We have a lot of youth involved in entrepreneurial endeavors with impressive back-stories, stories that need to be brought to the fore to inspire young Gambians who don’t even think that creating employment is a possibility. Most of us just want to have jobs and remain employed till Babylon comes calling. In a sense, even the employment some of us seek is just a way to hold on to something until the real blessing in the form of a visa comes your way.

I’m not trying to judge or anything but the worst cases are those with no intention of ever breaking a sweat in Jollof (not to be confused with those unemployed but looking for opportunities). You know because these guys are well fed (‘ndewo – agne – rerr’) and got a roof over their head, they simply sit and wait for Babylon to happen while blaming the family member who in most cases provides for all the luxuries he’s enjoying. (I used he because guys are the culprits in this case). Hell, I just judged a whole group of people but ‘maa teye’.

In reality, not everyone can stay or make it in The Gambia but it is crazy that the majority of us think Babylon is the only way out. I think your Babylon experience would be a lot better if you actually know how to do something with your life even before you set foot there. Food for thought…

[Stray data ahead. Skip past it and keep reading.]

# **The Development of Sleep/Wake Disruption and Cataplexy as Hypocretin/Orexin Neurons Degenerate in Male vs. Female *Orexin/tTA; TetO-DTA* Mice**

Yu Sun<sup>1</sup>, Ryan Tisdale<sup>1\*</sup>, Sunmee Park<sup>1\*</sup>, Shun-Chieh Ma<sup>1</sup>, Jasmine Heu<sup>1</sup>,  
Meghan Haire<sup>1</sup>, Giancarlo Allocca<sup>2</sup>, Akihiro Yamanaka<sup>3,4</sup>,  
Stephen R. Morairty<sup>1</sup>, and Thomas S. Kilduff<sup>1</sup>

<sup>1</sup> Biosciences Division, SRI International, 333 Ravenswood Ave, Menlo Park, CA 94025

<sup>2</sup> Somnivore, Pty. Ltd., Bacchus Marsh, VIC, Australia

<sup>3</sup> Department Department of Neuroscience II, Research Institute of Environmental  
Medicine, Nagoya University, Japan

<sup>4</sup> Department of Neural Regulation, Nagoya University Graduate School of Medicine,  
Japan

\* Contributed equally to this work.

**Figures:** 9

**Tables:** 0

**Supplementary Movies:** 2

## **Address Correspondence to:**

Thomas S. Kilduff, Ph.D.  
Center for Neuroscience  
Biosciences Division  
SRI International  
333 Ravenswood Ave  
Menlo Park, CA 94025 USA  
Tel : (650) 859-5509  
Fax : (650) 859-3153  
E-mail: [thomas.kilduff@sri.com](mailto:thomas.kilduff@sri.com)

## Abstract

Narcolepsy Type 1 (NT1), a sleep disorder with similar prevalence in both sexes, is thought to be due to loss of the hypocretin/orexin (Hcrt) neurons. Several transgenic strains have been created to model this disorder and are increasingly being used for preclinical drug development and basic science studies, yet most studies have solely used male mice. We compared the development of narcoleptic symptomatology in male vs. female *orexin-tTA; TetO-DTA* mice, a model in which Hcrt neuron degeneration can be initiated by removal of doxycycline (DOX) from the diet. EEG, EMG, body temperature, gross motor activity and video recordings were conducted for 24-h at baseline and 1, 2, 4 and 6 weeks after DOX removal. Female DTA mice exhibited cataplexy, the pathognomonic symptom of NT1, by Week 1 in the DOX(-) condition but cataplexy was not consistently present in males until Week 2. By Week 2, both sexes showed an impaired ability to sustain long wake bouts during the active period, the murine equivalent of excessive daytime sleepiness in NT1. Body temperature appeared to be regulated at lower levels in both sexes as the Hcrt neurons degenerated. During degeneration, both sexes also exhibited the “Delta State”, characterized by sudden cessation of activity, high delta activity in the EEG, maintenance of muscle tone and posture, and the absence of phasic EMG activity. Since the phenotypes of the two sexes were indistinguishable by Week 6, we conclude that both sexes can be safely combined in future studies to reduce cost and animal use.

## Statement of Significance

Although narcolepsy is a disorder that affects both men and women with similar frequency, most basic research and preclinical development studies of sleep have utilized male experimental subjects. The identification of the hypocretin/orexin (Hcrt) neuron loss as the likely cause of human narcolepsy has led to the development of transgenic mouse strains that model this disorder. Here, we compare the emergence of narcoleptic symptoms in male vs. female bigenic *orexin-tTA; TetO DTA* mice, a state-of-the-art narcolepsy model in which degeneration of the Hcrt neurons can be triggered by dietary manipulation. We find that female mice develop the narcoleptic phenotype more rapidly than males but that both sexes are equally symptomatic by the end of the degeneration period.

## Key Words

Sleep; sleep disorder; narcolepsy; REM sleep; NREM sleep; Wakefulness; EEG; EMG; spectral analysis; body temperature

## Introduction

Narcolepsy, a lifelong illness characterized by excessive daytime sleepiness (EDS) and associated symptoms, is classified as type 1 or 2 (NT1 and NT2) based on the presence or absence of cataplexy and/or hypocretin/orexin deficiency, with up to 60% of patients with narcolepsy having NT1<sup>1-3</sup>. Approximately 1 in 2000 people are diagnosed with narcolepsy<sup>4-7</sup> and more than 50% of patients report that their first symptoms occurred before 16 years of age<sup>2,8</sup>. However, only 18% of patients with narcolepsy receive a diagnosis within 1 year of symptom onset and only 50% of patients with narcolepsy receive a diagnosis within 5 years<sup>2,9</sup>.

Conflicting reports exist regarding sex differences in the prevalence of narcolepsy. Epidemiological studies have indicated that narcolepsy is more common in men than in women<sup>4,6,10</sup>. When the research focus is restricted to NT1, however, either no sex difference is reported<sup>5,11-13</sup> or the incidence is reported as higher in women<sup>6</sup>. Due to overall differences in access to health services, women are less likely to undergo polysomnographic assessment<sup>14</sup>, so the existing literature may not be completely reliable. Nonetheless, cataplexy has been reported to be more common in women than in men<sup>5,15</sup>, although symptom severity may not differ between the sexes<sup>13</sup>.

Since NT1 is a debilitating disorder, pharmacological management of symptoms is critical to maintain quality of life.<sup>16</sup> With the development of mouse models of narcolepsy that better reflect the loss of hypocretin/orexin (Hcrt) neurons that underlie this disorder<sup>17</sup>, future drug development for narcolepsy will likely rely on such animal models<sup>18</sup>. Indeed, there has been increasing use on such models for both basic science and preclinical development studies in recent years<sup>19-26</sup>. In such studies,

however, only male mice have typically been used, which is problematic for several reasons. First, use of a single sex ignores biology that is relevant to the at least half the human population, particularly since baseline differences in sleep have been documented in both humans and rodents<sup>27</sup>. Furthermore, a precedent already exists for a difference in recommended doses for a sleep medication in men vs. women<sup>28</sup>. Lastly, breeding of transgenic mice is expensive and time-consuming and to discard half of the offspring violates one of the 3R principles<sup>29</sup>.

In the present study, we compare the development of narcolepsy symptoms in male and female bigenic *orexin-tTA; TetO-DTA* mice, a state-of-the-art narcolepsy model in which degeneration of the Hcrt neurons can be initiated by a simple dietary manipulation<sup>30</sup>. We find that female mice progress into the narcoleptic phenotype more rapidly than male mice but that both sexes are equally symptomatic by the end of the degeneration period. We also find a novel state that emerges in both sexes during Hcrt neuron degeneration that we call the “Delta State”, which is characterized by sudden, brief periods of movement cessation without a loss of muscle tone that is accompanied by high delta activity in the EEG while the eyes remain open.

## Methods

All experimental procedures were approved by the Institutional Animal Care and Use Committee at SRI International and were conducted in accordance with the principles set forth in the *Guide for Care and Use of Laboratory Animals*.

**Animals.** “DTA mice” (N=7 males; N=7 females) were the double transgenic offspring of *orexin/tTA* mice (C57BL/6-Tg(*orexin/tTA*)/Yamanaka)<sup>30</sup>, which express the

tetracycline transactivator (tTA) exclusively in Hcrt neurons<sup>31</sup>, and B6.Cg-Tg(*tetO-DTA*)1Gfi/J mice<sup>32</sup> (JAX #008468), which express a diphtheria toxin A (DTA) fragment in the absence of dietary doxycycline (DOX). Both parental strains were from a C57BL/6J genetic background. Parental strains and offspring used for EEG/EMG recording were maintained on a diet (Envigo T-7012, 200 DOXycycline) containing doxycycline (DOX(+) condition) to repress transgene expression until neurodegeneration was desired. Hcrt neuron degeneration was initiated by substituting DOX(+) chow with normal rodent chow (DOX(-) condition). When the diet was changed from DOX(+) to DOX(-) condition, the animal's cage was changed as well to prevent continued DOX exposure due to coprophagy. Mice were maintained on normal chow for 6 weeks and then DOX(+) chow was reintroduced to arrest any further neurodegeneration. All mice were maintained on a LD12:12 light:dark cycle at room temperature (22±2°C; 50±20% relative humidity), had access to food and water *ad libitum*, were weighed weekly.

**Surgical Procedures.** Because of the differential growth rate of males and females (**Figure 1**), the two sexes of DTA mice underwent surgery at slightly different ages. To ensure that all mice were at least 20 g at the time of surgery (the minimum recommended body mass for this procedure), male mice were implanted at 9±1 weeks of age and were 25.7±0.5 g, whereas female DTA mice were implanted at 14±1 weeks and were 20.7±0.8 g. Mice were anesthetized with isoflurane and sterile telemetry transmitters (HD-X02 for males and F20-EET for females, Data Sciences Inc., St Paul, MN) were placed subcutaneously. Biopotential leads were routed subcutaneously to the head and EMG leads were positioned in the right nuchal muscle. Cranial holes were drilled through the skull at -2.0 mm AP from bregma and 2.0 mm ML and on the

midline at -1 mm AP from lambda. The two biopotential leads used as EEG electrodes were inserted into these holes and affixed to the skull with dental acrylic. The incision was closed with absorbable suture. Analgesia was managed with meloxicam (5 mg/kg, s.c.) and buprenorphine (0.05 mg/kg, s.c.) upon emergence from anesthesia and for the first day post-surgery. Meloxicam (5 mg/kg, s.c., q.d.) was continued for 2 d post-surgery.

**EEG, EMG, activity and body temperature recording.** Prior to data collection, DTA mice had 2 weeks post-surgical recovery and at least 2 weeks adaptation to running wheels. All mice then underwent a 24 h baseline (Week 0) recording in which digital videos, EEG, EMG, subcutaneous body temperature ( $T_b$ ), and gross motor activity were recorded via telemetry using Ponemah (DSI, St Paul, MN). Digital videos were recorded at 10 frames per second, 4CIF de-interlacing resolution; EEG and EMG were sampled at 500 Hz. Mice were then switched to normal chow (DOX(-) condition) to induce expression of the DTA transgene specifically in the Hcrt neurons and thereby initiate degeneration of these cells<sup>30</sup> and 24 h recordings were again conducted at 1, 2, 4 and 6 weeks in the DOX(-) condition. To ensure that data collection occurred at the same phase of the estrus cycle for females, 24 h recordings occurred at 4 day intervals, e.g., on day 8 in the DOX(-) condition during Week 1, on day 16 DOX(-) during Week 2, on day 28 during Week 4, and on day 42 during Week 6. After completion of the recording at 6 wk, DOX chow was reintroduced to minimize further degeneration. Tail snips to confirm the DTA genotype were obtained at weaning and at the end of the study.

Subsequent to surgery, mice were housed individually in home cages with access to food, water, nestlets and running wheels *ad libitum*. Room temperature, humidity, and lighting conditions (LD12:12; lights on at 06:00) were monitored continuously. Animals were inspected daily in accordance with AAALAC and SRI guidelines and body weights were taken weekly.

What Do Gambians Do? (Part 1)


It’s almost Tobaski and a lot of people are hurrying and scurrying to make ends meet. You know, to at least provide the bare essentials for the big day, ‘harr’, ‘mboubi julli’ etc…

Fast forward to day after Tobaski and there’s usually a shortage of bread because the bakers are part of the holy celebrations and most have taken their annual holidays. Two days later people are tired of meat consumption and opt for fish instead but the fish markets are almost empty because more than half of the nation’s fishermen have gone on Tobaski vacation to Senegal (where they’re originally from).